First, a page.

to Gallery Artists Index
Statement: Art for a World Gone Mad -September 2016
"In my still life painting, entitled “Storm Brewing in a Tea Cup on Downton Abbey”, I chose to document aspects of the critically acclaimed British television series and draw a parallel by allowing us to appreciate how much the world has indeed changed in the past century for the betterment of humanity in most instances.
Downton Abbey chronicles the life of the aristocratic Crawley family (1912 – 1925) and exposes the lavish lifestyle of a disappearing elite class and the relationships they entertain with their many servants. But all is not so rosy at the Yorkshire castle. The main story line centers around the heir and descendants of the Earl of Grantham with their on-going struggles to financially sustain the domain as they meet the challenges of the modern world.
The world in which we currently live in is fast paced and in a state of constant evolution. Much can be said about violence in its many forms, but many historians suggest that we are actually living in the most peaceful period of the past 500 years. The world economy, religious beliefs, the oil industry, control and power does rule the planet at this point and time. Terrorism, drugs, gun control, poverty, corruption, unemployment, politics of fear and division, global warming are some of the current issues we are faced with in 2016. It's easy to get overwhelm with the state of the world when we are constantly being bombarded by the media to a point where we become desensitized in order to cope. While it is easy to reflect on the past when life appeared simpler, except it is not always true. But one shouldn't lose hope because there is still a whole lot of goodness in the world today.
As a painter, a great deal of my artwork does document aspect of popular and mass culture. I do try to put a positive spin in the imagery. I've occasionally done paintings reflecting on the economy or political climate by using a Monopoly Game board as a prop, which in turn becomes a form of symbolism. I am not turning a blind-eye on all that is happening in the world today. We live in a world where we have to adapt in order to strive and move forward. We also need to take time for ourselves by taking care of our body, mind and spirit. I believe in the laws of Karma and try to do good, show gratitude, compassion and respect towards others.
With “Storm Brewing in a Tea Cup on Downton Abbey”, I've place a tea cup on top of a book that holds imagery detailing the work achieved behind the scenes with set decoration, costume and hair design, in recreating authenticity while filming the series at Highclere Castle. It's a serial where happiness is fleeting for most characters and the daily ritual of drinking tea is often the only constant they can rely on. Even while in the trenches of WWI, Thomas Barrow is serving tea to Matthew Crawley steeped from a cooking pot over a campfire. I leave you with words of wisdom from the matriarch of the Crawley family, Lady Grantham, brilliantly played by Maggie Smith.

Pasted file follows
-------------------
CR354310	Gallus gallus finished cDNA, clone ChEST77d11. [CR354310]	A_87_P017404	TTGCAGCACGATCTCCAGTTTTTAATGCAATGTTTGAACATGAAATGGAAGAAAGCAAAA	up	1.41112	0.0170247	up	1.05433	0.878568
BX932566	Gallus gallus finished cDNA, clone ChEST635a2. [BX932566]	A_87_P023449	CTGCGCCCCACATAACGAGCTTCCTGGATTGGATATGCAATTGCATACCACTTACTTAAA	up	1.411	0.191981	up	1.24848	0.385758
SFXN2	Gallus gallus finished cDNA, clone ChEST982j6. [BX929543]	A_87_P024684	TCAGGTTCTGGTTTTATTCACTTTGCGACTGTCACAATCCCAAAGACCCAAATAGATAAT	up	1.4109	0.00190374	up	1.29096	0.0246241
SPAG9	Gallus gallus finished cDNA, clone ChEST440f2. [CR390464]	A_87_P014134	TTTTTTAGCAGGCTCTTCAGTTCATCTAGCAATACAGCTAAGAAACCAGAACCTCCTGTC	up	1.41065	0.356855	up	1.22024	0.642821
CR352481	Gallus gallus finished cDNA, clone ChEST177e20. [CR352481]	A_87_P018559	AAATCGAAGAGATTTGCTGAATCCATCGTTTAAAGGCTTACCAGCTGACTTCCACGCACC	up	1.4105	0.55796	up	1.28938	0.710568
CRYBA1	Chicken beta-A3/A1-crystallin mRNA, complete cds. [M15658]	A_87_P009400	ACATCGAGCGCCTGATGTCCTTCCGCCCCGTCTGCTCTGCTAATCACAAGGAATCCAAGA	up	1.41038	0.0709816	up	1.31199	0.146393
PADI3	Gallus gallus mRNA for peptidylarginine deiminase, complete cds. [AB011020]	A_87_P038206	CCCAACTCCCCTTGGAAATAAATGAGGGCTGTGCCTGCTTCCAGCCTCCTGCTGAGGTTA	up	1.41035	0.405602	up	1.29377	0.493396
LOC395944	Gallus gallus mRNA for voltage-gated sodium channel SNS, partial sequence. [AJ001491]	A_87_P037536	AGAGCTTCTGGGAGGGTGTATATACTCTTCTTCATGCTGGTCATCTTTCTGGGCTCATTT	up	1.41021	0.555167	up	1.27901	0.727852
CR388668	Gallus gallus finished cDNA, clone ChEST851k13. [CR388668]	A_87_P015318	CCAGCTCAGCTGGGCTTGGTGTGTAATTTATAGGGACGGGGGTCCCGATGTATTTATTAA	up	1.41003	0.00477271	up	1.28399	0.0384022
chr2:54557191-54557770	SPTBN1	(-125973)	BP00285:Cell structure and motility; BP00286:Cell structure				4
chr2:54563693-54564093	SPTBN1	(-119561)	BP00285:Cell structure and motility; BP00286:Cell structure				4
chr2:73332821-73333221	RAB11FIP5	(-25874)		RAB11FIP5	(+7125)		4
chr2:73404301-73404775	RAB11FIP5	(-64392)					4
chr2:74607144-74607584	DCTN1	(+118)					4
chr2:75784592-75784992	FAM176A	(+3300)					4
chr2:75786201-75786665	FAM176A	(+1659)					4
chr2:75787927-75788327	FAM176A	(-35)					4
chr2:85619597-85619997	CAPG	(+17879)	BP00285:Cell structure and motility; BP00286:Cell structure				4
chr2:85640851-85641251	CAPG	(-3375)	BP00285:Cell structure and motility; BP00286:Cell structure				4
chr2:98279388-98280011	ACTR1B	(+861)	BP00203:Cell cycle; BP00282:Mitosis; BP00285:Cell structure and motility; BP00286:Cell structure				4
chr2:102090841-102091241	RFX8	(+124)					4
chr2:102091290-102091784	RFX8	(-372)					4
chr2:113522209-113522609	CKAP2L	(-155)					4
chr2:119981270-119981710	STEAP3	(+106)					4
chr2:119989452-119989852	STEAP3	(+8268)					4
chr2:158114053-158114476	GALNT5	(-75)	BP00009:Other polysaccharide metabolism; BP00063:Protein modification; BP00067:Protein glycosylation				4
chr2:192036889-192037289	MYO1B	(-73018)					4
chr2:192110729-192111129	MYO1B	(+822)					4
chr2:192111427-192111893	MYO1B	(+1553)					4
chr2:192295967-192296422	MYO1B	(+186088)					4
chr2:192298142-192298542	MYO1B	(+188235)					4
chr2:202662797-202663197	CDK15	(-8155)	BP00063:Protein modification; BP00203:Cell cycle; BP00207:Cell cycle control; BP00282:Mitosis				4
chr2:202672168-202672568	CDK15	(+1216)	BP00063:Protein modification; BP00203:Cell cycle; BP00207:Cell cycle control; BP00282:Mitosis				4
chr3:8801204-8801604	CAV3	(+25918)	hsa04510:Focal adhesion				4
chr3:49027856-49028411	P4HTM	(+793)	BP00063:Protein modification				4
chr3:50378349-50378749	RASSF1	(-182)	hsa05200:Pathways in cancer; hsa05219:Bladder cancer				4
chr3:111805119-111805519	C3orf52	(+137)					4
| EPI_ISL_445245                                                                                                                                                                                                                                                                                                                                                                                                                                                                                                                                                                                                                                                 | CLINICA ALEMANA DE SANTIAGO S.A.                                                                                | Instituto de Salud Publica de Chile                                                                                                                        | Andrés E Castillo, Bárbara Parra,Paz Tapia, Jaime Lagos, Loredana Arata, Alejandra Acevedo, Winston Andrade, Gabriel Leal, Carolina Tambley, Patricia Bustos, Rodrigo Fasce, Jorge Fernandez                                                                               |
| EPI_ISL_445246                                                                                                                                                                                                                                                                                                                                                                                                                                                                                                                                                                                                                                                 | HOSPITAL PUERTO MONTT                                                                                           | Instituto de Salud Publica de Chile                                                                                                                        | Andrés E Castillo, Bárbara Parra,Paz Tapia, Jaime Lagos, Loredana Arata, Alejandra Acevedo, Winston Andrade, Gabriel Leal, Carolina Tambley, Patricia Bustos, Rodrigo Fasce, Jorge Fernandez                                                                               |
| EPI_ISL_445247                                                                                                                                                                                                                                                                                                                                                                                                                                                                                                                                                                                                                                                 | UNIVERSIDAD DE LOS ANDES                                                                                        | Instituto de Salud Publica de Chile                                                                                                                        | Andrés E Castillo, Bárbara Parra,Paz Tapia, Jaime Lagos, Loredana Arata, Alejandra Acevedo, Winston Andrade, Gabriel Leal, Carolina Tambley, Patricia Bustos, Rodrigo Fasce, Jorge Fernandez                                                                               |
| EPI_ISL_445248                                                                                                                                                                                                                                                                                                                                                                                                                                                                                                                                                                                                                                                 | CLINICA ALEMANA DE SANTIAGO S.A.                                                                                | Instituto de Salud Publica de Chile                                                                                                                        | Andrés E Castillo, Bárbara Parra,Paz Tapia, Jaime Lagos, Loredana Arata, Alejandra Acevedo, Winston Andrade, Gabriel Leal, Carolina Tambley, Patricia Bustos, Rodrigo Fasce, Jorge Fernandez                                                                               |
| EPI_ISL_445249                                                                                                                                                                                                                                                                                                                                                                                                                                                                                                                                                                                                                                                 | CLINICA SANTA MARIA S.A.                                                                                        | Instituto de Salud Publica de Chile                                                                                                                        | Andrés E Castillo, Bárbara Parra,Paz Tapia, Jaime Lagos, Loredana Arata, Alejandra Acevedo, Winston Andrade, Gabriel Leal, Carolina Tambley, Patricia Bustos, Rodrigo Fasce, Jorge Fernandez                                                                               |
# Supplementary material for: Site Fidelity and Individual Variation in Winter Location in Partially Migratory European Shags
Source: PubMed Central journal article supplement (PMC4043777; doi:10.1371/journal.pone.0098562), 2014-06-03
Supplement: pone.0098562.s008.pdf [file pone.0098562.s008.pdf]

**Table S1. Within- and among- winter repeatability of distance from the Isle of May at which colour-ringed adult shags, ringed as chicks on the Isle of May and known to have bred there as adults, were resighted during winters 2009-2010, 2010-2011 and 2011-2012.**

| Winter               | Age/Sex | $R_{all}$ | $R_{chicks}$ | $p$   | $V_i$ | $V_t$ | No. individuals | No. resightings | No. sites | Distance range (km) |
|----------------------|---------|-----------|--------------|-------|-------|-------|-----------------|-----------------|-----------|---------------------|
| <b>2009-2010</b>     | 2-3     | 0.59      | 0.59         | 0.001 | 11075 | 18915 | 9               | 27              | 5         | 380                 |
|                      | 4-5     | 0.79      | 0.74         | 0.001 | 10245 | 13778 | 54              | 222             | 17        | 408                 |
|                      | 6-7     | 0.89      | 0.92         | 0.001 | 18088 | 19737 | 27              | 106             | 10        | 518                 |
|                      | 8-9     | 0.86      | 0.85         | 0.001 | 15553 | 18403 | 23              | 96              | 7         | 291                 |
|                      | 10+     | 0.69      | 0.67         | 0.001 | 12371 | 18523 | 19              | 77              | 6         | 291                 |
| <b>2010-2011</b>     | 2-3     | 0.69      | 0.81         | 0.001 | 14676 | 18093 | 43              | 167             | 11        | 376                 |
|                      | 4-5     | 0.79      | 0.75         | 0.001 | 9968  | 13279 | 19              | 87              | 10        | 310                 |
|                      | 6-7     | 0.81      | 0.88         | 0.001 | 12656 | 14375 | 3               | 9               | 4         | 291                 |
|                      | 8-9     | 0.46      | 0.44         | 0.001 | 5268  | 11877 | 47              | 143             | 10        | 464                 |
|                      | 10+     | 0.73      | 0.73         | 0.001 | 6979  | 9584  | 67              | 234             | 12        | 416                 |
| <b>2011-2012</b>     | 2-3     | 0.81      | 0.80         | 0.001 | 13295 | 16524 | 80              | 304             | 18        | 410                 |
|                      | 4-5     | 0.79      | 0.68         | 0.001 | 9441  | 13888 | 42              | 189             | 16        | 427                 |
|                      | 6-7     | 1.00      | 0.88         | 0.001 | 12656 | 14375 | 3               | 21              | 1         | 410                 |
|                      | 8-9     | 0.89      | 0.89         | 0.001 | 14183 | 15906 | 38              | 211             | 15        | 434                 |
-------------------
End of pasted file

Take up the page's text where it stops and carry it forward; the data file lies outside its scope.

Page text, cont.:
''Just the ticket. Nanny always said, ‘Sweet tea is the thing for frayed nerves’ ''
from Season 1, episode 3.
Richard is a natural talent. His approach to his work is simple and sensitive.
Whether it is the gentle play of light on a still life subject or the
relationship he has with his model (often his family), he carefully builds
his paintings to give the viewer some insight into his life. A solo exhibition
entitled, Primary Light was featured at Fog Forest Gallery
from September 10 - 23, 2004.
He states, “I am continuing my pursuit to document part of my own
experience of life. To study elements of observation in my immediate and more enlarge surroundings.
Being a registered nurse since the age of 20, and having cared for patients
afflicted with all kinds of illnesses - acute, chronic or terminal; you
do get to realize on a different level how fragile and precious the gifts
of health and life are, and how quickly it can be taken away. Therefore,
being quite conscious of that fact, I have greatly benefited from this
on my own personal journey. American artist George Tooker reminds us,
“Painting is an attempt to come to terms with life. There are as
many solutions as there are human beings.” Whether it is art imitating
life or life imitating art, my way to truly celebrate life is to paint
these images of daily occurrances, which I share with my wife Suzanne
- also a nurse, and our young son, Jean-Luc. My wish is to create images that will help one stop and appreciate
moments of ordinary life that we may just take for granted, and to be
conscious and thankful for all that we have.
paintings have been collected across Canada. Alvin is an active member
of the Federation of Canadian Artists. His works have been included in group exhibitions in New York, Vancouver, and Baltimore Maryland.